Manny Burgos was 16 years old when a high school teacher discovered his talent, by way of a practical joke.

“My chemistry teacher was late for class every day,” said Manny. “And because I liked to cartoon by that age, I would draw cartoons of this man on the blackboard in really funny scenarios.

“He’d come in later, laughing harder than the class and would say, ‘Who did this? Who did this? Tell me. I promise you won’t get in trouble.’”

But Manny never said a word. And the antics were so funny, the class refused to point him out.

“So finally one day my teacher walked in and caught me drawing,” said Manny. “He said to me, ‘Aha! After class, meet me in the teacher’s cafeteria.’”

Manny met his teacher after class. And sure enough, found out his chemistry teacher was a part-time cartoonist who already had a number of comic strips published in The New Yorker.

His teacher saw that Manny had talent and so began to mentor him.

But at the time, Manny’s mind and interests were on other matters: You know, teenage stuff. He was a Nuyorican kid trying to grow up and find his way in the mean streets of East New York.

Eventually he did grow up, and Manny’s other interest— social justice —led him to a life of politics and community activism.

Today, Manny Burgos organizes minority housing and commercial developers, general contractors, property managers and non-profit community developers. As a consultant, he prepares clients to meet with the state housing commissioner. And he loves what he does.

From left to right: Woody Pascal, Deputy Commissioner Office of Rent Administration; Manny Burgos, Special Assistant to the Commissioner; Bruce Falbo, Bureau Chief of the Rent Information Bureau; Deneane Brown, Director, Upper Manhattan Borough Rent Office; Greg Fewer, Director of Policy Unit, ORA; Commissioner/CEO Darryl C. Towns; Assemblyman Herman “Denny” Farrell; Richard White, Deputy Commissioner Tenant Protection Unit.

Ah, but the people and the politics and the characters and the stories, so full of humor, conflict and lessons. Eventually, the scenarios would accumulate in Manny’s mind as the perfect collection for… a comic strip!

While continuing his work as a political and fair housing consultant, he decided to give cartooning another spin. He bought a slew of books and began studying the art of developing a comic strip.

“For me, the hardest part was the narration and dialogue,” Manny said. “The illustration was easy, so I always leave that for last.”

Manny’s strip, “Average Man,” a play on his name, debuted August 20, 2012, on Manny’s birthday, “So the main character would have the same birthday as me,” he said.

Average Man is Manny’s alter ego, an average Nuyorican who lives and works in Central Brooklyn, viewed through a light-hearted and humorous lens.

The comic strip so far, has been very popular with English-speaking Latinos, said Manny, because it depicts scenarios that a New York-born Puerto Rican immediately would understand.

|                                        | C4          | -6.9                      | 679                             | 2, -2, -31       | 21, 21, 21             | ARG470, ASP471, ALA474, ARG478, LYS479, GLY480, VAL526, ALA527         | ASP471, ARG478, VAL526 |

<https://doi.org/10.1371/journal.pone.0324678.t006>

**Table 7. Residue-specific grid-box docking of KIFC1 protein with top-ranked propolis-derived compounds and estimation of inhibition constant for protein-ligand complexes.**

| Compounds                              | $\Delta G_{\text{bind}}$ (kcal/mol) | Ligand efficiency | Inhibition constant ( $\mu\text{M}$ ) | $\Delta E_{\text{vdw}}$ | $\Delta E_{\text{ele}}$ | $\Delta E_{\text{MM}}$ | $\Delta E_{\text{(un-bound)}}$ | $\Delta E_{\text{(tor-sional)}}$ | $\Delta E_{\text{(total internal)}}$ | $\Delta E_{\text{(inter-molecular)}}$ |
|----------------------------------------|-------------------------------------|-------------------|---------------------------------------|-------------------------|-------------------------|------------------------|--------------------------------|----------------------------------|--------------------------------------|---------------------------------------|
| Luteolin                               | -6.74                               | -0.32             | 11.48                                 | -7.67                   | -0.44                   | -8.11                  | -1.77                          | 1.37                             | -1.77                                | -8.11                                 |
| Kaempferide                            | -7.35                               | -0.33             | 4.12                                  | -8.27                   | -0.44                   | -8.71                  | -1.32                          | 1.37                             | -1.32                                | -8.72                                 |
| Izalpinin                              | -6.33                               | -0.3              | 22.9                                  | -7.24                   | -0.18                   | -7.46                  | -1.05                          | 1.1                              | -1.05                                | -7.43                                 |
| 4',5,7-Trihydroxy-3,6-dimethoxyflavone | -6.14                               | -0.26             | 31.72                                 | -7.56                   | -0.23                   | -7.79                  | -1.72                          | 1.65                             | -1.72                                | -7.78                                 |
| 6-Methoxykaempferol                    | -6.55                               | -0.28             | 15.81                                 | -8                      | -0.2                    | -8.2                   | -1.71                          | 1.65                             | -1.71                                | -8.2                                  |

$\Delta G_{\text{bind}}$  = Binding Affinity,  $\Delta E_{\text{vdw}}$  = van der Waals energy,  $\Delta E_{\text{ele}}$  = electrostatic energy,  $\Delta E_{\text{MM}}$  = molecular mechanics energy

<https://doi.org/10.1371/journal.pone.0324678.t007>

“But I don’t alienate non-Latinos. These are stories taken right from my life, growing up in East New York.”

In fact, many of the strips include people and places and scenarios that will ring familiar with most residents of Central Brooklyn.

“It’s meant more for the intellectual reader. But it’s always comical,” said Manny.

So far, Manny has released 39 weekly strips, all of which can be found on his website, and his Facebook page.

Unfortunately, nine months ago, he was forced to go on hiatus from writing comics when his file server crashed. He was devastated and for a long while, felt defeated, because it forced him to start from scratch.

But he has since recovered. And Monday, January 6, he will debut his latest script, one that has him very excited: It focuses on one of his favorite communities– Bedford-Stuyvesant.

“Bed-Stuy is a neighborhood I respect tremendously. It’s always an experience when I go there,” said Manny. “It has strong roots in the Civil Rights Movement, and some serious icons have come out of Bed-Stuy, such as Shirley Chisholm and even Al Vann, that don’t get credit the way they should for their accomplishments. It has such a vibrant culture and a real sense of activism.”

In the Bed-Stuy strip, popular local businesses, such as Peaches and Brooklyn Burger and Brew are featured; you’ll see familiar organizations, such as Restoration and VIDA and landmarks, such as the Soul Summit tent and the Utica and Nostrand Avenue trains stations. And you’ll hear familiar names and see familiar faces, including City Councilmember Rob Cornegy, Tremain Wright and Henry Butler of Community Board 3.

Whereas he normally draws nine-panel strips, Manny has made the Bed-Stuy series into a 12-panel strip to fit all of the people and places and events he finds most interesting about the Central Brooklyn community.

“Bed-“Stuy is an incredibly vibrant neighborhood,” said Manny. “It’s fresh and new and at the same time, traditional. I’m really excited to be featuring the people and the places of this neighborhood.”

Where’s Manny’s chemistry teacher today? Well, he is still making comic strips published in places you’ve probably seen over a dozen times.

And while most will find it funny to see themselves portrayed in a humorous way, what of the small handful who may blush with embarrassment?

Unlike with his chemistry teacher, Manny explains, laughing, “If I mention a person by name, I have a sacred rule I always follow: I am the butt of the joke.”


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